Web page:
Colonel Vincent A. Di Mauro (USAF ret.) of Verona died on Sept. 19 at Clara Maass Medical Center in Belleville surrounded by members of his extended family. He was 94.
A celebration of his life will take place at the Verona Community Center, 880 Bloomfield Avenue, Verona on Friday, October 7, from 6 to 9 p.m. Services will be held at the Episcopal Church of the Holy Spirit, 36 Gould Street, Verona, on Saturday, October 8, at 10 a.m.
Vince was born on January 31, 1928, to Frank Paul Di Mauro, a first-generation immigrant from Italy, and Carmela Sorrentino Di Mauro, a native of Brooklyn. He grew up in Newark and was a graduate of Hillside High School and Rutgers University, and later received his masters in public administration from George Washington University. He had a long and distinguished career in the U.S. Air Force, rising to the rank of colonel.
Vince flew 80 combat missions during the Korean War for the USAF’s 7th Fighter Squadron. He flew missions during the Cuban Missile Crisis in 1962, and was stationed in Thailand during the Vietnam War. He was involved in the famous Son Tay Raid that attempted to free American POWs late in the Vietnam War, and then served as deputy commander of the Joint Casualty Resolutions Center, the Air Force unit tasked with recovering the remains of U.S. airmen shot down during that war. He also served five years in the Pentagon as a special assistant to the Secretary of Defense, a posting that resulted in his inexplicable decision to become a lifelong Washington Redskins fan.
Over the course of his military career, Vince received numerous decorations for gallantry, including the Distinguished Flying Cross for a mission in which he destroyed a North Korean bridge. He was leading a group of F-84 fighter-bombers on an overcast day, and no one could find the target. Vince’s task was to suppress anti-aircraft fire around the heavily defended objective, but as luck would have it a hole opened up in the clouds right beneath his plane. Vince checked his map and knew he had found the bridge. His call sign was “Bunyap,” and he radioed, “Bunyap is going to hit the target,” which he did, flying through enemy fire and destroying the bridge. “Sometimes greatness is partly due to luck,” he remarked.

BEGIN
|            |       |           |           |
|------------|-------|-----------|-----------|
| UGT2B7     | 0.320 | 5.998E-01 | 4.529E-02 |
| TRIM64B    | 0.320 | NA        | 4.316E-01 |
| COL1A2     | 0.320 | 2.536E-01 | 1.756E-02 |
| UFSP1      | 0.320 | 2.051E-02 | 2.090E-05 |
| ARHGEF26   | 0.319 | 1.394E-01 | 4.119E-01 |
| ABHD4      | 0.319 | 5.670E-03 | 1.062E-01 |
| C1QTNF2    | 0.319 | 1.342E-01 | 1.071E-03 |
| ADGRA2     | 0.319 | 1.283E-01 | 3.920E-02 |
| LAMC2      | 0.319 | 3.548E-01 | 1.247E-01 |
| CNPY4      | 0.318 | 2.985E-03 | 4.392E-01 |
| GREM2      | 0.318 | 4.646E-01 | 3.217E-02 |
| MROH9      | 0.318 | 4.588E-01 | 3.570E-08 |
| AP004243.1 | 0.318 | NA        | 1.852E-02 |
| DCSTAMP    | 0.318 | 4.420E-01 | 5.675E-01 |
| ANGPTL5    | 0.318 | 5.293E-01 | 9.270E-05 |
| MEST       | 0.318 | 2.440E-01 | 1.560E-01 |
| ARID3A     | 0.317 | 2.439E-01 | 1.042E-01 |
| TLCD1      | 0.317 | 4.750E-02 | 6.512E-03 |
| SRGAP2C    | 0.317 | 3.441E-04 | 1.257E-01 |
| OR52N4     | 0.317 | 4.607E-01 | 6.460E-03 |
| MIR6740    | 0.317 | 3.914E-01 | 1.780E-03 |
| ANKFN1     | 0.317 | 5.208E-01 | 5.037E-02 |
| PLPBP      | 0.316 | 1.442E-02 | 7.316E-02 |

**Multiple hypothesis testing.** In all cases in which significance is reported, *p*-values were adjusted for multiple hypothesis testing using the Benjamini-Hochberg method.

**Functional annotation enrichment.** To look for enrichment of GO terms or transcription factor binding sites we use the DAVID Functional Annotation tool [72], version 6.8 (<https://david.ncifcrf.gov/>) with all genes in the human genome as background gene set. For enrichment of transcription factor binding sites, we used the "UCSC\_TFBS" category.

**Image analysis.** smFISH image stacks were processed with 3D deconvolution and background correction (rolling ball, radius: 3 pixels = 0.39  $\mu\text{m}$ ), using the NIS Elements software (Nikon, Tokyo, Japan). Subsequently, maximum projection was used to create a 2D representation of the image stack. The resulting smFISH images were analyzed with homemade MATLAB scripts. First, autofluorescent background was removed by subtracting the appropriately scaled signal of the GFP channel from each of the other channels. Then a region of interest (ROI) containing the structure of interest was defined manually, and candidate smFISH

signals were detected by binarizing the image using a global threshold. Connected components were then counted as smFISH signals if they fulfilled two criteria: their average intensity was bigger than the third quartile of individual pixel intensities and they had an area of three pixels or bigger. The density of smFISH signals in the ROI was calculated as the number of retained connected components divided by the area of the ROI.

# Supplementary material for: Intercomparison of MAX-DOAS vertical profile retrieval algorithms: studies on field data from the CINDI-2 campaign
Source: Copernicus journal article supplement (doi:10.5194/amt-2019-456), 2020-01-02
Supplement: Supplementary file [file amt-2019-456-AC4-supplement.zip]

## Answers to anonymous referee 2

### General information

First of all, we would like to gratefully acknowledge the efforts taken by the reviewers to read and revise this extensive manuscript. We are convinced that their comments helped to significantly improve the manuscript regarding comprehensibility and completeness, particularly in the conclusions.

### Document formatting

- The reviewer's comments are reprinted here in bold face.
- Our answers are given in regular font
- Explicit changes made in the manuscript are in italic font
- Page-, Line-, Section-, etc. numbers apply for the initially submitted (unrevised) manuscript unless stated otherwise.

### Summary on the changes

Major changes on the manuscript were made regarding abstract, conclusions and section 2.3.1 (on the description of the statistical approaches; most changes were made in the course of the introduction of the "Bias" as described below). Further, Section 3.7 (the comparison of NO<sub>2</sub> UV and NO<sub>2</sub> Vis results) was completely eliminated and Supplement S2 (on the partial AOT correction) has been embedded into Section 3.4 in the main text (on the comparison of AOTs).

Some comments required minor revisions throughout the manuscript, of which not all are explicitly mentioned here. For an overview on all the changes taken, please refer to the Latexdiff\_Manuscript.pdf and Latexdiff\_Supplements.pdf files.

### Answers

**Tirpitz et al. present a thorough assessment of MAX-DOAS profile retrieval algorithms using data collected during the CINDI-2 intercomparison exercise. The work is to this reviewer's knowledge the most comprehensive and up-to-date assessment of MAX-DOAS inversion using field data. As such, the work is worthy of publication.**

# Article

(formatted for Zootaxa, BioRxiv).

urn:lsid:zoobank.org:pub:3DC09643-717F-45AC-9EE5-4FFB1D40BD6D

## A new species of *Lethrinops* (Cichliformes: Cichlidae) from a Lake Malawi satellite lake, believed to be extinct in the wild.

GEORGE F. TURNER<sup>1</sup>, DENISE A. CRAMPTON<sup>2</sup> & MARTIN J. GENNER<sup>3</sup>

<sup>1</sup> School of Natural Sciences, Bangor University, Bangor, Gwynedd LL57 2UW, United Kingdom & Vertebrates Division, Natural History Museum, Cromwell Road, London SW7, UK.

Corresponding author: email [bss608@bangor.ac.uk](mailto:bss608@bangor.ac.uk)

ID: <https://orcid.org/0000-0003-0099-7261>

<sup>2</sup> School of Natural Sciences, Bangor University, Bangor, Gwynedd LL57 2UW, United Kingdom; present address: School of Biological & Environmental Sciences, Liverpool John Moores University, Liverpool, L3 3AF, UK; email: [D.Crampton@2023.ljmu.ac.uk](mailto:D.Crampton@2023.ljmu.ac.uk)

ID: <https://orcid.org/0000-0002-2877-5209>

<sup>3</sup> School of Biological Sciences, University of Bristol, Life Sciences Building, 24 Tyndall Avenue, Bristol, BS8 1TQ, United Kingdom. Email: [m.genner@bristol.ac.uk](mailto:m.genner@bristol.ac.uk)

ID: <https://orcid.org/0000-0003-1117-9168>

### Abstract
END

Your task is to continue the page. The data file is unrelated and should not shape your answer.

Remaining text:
At one time or another, Vince flew nearly every type of aircraft used by the USAF between the early ‘50s and late ‘70s, from pioneering fighter-bombers like the F-84 Thunderjet and F-86 Sabre to F-4 Phantoms, F-105 Thunderchiefs and B-52 Stratofortresses.
Vince’s final assignment in the Air Force was serving as commander of Sheppard Air Force Base in Wichita Falls, Texas, the largest training base in the USAF. He ran the base from 1977 to 1979. This week a flag was raised at Sheppard AFB in his honor.
After leaving the Air Force, Vince became town administrator for the Township of Verona in August 1979, a post he would hold for more than 15 years before serving as Essex County administrator from 1995 to 2001 to finish out his career.
While these were the factual details of Vince’s life, they do not provide a true measure of the man. “I challenge you to find a more idyllic life than mine,” he said. “Most of that is due to my family.”
To his family, he was the go-to person for almost everything. He built houses, both full-sized and miniature. He built gazebos, pergolas, decks, mantle pieces and stone walls. He laid tile, pounded nails, hung mirrors, shelves, and lighting. He once put together an entire swing set for his grandchildren in 2 hours and 55 minutes after being told that that he could not beat the existing 3-hour record. He repaired a set of creaky stairs for one of his children, which had the unintended consequence of allowing his teenage grandchildren to sneak out at night undetected, and once repaired a leaky oil tank using the tongue from an old sneaker. He also nearly cut off his own finger with a table saw, after which he drove himself to the emergency room to get it bandaged. Surprisingly, he never owned any type of casual work clothes and did all these projects wearing loafers and a nice shirt and slacks, always in some variation of the color taupe.